Video: 2016 FOX Float DPS EVOL shock

New rear shock improved with twin dampers and a bigger negative spring can

All Mountain Trail Components

Update: September 9, 2015

This video explains in detail how the Fox Float DPS system works. It provides full lockout without compromising the ride control and efficiency, allowing riders to adapt to any terrain. FOX DPS provides a wide range of on-the-fly compression settings and excellent bump recovery in a lightweight package making it ideal for the new crop of more capable Trail Bikes.

We tried the the 2016 FOX DPS EVOL shock on the Santa Cruz Bronson.

We tried the the 2016 FOX DPS EVOL shock on the Santa Cruz Bronson (click to enlarge).

The 2016 FOX Float rear shock now has two damping pistons instead of one found in the old CTD. This allows the first piston to focus on compression and rebound. The second piston is dedicated to the firm mode exclusively. So now, there is better optimization for the Open and Medium modes. The the Firm mode, well it’s really firm, giving the rider a hardtail-like pedaling platform.

The other new technology in this shock is EVOL which stands for Extra Volume negative air spring. It is a larger negative air can and it’s visible from the exterior with a noticeable bump in the middle of the shock.

Rebound knob on 2016 DPS Float is shown.

Rebound knob on 2016 DPS Float is shown (click to enlarge).

It increases the volume of the negative spring, which allows the shock to move more freely on the initial stroke. It also gives the shock more mid-stroke support. And with improved suppleness in the shock, FOX was able to tune the damping of the system to give it more support.

Another welcome change is the Low Speed Compression knob now takes effect in the Open mode of the shock. This gives the rider control of performance in the state when the shock is doing its best work. Shocks after all should be optimized and tuned for absorbing shock, not for pedaling.

Continue to page 2 for riding impressions and full photo gallery ยป

About the author: Francis Cebedo

The founder of mtbr and roadbikereview, Francis Cebedo believes that every cyclist has a lot to teach and a lot to learn. "Our websites are communal hubs for sharing cycling experiences, trading adventure stories, and passing along product information and opinions." Francis' favorite bike is the last bike he rode, whether it's a dirt jumper, singlespeed, trail bike, lugged commuter or ultralight carbon road steed. Indeed, Francis loves cycling in all its forms and is happiest when infecting others with that same passion. Francis also believes that IPA will save America.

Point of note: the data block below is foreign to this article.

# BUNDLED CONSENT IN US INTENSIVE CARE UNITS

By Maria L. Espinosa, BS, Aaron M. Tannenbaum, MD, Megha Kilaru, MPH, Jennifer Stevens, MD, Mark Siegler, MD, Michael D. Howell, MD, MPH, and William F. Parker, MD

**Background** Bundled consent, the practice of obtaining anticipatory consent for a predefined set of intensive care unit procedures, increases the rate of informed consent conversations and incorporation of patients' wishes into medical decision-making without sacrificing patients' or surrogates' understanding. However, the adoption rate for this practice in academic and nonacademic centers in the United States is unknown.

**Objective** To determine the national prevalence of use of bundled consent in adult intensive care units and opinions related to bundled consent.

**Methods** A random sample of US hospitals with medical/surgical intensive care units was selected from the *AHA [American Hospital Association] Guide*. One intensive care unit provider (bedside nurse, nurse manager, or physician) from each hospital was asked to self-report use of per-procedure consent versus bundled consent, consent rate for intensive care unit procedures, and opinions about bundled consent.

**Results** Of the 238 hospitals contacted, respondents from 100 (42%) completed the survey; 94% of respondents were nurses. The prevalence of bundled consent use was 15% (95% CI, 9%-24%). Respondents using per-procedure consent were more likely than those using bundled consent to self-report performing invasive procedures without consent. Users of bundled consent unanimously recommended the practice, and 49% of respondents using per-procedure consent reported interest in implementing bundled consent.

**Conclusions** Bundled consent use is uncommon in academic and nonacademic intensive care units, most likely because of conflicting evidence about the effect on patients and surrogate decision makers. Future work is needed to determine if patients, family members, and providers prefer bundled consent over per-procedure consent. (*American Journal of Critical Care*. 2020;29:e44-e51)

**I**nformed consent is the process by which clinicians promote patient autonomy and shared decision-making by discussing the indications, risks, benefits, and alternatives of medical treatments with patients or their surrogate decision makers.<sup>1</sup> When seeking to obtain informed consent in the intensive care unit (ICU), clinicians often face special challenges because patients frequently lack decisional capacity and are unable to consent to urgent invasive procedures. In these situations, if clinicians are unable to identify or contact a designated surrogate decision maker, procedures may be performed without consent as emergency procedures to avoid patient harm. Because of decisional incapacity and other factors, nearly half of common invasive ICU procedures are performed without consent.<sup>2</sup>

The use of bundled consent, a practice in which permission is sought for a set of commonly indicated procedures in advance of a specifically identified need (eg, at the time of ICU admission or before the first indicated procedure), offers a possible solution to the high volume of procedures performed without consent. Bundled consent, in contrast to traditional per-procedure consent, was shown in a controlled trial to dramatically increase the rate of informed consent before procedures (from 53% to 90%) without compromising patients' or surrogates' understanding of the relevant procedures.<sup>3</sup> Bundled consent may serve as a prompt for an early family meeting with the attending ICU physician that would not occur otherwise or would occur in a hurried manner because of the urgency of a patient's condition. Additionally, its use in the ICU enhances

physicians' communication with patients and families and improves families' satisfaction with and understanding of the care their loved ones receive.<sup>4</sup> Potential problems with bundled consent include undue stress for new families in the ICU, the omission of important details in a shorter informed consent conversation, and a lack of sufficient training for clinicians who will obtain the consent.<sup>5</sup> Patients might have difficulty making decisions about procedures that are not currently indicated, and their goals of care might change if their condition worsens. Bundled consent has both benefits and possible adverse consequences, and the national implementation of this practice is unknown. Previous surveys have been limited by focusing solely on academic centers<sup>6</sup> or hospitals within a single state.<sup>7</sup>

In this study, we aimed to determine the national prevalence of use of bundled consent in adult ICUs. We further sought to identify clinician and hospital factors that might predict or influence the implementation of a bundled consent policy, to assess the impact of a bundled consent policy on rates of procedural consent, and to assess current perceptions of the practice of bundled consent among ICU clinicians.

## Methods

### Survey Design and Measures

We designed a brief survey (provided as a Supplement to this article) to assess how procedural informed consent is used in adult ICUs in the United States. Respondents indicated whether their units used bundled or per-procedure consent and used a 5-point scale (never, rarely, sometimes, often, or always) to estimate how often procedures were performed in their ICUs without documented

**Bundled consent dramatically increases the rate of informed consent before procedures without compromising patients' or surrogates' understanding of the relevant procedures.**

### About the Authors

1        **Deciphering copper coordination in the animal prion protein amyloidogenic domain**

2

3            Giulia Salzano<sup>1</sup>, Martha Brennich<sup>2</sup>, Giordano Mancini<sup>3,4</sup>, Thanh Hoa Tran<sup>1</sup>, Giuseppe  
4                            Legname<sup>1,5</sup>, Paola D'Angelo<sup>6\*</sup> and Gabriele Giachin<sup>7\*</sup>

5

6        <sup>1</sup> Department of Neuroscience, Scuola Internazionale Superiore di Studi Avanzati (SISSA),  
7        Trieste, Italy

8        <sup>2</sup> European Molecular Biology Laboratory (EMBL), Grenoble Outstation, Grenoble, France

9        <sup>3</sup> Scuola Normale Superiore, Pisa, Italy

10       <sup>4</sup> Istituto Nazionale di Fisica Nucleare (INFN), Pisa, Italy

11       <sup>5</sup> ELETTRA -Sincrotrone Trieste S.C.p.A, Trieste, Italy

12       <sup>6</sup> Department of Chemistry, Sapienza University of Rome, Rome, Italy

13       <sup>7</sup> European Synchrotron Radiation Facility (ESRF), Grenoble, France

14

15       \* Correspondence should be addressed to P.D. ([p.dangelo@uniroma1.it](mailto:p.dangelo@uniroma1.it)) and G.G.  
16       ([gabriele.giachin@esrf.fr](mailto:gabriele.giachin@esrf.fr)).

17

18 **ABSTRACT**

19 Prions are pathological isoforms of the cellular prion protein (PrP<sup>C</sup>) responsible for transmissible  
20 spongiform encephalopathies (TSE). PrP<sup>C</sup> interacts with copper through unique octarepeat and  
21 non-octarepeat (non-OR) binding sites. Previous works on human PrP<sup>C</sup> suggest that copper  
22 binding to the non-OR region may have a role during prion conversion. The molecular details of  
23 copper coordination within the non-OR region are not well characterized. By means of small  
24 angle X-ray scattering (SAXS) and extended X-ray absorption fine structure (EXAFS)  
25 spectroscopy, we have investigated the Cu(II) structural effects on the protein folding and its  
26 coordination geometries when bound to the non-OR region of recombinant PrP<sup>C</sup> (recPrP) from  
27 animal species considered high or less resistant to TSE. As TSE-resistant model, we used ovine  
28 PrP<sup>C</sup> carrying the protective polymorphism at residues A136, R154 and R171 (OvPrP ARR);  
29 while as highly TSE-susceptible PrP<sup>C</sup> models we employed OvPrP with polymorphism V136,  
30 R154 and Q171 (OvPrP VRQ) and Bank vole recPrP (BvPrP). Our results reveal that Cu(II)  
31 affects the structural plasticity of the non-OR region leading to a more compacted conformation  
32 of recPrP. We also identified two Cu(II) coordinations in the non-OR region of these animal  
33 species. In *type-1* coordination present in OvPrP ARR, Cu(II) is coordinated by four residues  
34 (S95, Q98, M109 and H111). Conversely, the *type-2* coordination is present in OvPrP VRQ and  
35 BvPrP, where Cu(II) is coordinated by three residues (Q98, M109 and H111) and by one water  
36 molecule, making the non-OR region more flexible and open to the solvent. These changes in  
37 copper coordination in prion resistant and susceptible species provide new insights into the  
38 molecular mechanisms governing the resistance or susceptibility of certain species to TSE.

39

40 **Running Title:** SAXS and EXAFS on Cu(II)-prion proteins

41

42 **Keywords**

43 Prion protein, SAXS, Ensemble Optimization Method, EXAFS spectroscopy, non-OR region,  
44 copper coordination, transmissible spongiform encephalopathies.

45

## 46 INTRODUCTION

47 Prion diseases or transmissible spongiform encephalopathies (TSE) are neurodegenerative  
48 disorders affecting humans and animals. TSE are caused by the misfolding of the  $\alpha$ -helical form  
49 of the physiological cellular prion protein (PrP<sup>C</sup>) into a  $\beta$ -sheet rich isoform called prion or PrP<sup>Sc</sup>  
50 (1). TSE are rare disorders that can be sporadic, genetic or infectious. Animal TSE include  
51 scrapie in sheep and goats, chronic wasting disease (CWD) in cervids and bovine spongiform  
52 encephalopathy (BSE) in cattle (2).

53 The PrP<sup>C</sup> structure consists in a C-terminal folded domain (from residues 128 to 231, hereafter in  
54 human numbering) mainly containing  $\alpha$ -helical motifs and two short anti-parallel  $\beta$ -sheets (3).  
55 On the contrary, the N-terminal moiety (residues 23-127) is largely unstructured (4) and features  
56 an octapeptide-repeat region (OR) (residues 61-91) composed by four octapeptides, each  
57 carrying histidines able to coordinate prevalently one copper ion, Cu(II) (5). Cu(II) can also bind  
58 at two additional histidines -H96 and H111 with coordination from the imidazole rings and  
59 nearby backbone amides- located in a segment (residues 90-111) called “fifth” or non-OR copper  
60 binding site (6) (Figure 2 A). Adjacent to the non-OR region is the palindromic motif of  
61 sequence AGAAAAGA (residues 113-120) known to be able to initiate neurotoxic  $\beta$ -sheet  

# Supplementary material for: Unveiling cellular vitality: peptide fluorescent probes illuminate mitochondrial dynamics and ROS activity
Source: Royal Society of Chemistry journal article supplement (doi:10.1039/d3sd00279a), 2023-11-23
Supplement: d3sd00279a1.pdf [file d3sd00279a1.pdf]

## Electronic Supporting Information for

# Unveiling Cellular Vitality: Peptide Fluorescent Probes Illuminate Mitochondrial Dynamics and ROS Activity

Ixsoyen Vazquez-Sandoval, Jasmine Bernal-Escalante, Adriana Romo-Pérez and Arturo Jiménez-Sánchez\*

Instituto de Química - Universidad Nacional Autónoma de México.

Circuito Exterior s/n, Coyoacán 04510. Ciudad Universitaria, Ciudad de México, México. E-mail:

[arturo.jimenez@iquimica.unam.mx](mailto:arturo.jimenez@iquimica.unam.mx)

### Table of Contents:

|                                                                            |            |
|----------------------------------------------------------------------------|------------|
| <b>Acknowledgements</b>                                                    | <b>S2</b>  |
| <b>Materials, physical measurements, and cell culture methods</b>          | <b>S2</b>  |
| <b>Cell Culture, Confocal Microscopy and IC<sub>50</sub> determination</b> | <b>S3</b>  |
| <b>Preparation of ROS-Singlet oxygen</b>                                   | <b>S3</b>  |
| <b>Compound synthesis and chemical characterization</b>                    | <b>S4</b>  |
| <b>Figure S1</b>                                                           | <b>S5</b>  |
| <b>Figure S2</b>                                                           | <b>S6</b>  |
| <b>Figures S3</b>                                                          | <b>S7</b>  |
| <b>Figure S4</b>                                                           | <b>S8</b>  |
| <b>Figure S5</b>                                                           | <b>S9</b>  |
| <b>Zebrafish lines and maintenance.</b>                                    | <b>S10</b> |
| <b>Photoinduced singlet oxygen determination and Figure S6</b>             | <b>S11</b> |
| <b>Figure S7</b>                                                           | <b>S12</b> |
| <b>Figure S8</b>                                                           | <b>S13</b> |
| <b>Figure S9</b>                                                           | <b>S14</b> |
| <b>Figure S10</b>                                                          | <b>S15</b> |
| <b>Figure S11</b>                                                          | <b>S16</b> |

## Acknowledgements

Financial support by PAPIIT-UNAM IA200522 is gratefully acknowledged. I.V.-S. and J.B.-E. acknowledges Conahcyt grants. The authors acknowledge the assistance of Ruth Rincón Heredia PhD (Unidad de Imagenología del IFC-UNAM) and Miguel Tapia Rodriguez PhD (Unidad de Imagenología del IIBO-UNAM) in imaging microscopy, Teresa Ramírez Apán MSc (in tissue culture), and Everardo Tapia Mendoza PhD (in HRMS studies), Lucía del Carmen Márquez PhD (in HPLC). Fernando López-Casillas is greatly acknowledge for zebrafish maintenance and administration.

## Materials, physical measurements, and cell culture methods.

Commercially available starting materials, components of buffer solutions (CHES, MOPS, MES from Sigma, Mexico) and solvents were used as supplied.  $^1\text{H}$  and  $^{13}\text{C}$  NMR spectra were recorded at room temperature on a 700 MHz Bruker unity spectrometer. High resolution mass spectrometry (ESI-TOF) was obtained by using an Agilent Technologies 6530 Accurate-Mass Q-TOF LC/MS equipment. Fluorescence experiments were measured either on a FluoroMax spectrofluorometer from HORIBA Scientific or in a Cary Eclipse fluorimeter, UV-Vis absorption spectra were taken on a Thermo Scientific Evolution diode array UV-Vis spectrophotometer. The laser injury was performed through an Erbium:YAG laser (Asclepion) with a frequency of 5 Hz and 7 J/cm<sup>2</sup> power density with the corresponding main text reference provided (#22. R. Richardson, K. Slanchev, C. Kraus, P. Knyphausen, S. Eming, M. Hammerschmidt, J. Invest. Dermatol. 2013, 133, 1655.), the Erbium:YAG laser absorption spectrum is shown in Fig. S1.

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  • Nick says:

    Well yeah Phil, they are competing with the DB Inline. Look at every really high end carbon mountain bike and what shock they come stocked with. Of course they want to get back in on that action!

  • Bret says:

    Sounds great in all aspects except for the “very firm lockout”. Just don’t see where that could be useful on a mountain bike seeing as mountain bikes are made for the mountains.
    You can’t create the feel of a hard tail just by locking out the shock.

  • J-Flo says:

    Bret, many of my rides on my AM bike involve a fire road climb followed by rough descent. So, yes, I want a lockout for that climb!

  • Tom says:

    Agreed, that a firm lockout will be welcomed. I’ve grown a little tired of the mushy Fox lockouts the last several years (exception being the Trek DRCV shocks, which have nice, firm lockouts).

  • MJ says:

    Loose the useless “lockout” mode and replace it with a more useful setting.

    Long fire road climbs, on long travel bikes, are almost never done in an extended, hammer-out-of-the-saddle fashion. It is a sit and spin affair. Modest LSC works just fine for that application.

    Cane Creek has the right idea with one very adjustable “Open” setting, and a non-lock out, graduated “Climb” switch that affects both LSC and rebound.

  • CG says:

    The firm lockout is in fact a huge plus for a lot of riders. Many want to ride hard up the fire road, and a mushy lockout just does not do it. I know that lots of guys won’t see the value, as they will just sit and slowly climb without getting into the red zone. But MANY riders want to hammer up the fire roads to get a huge workout before going down the mountain. I would not even consider buying a rear shock lacking a firm lockout.

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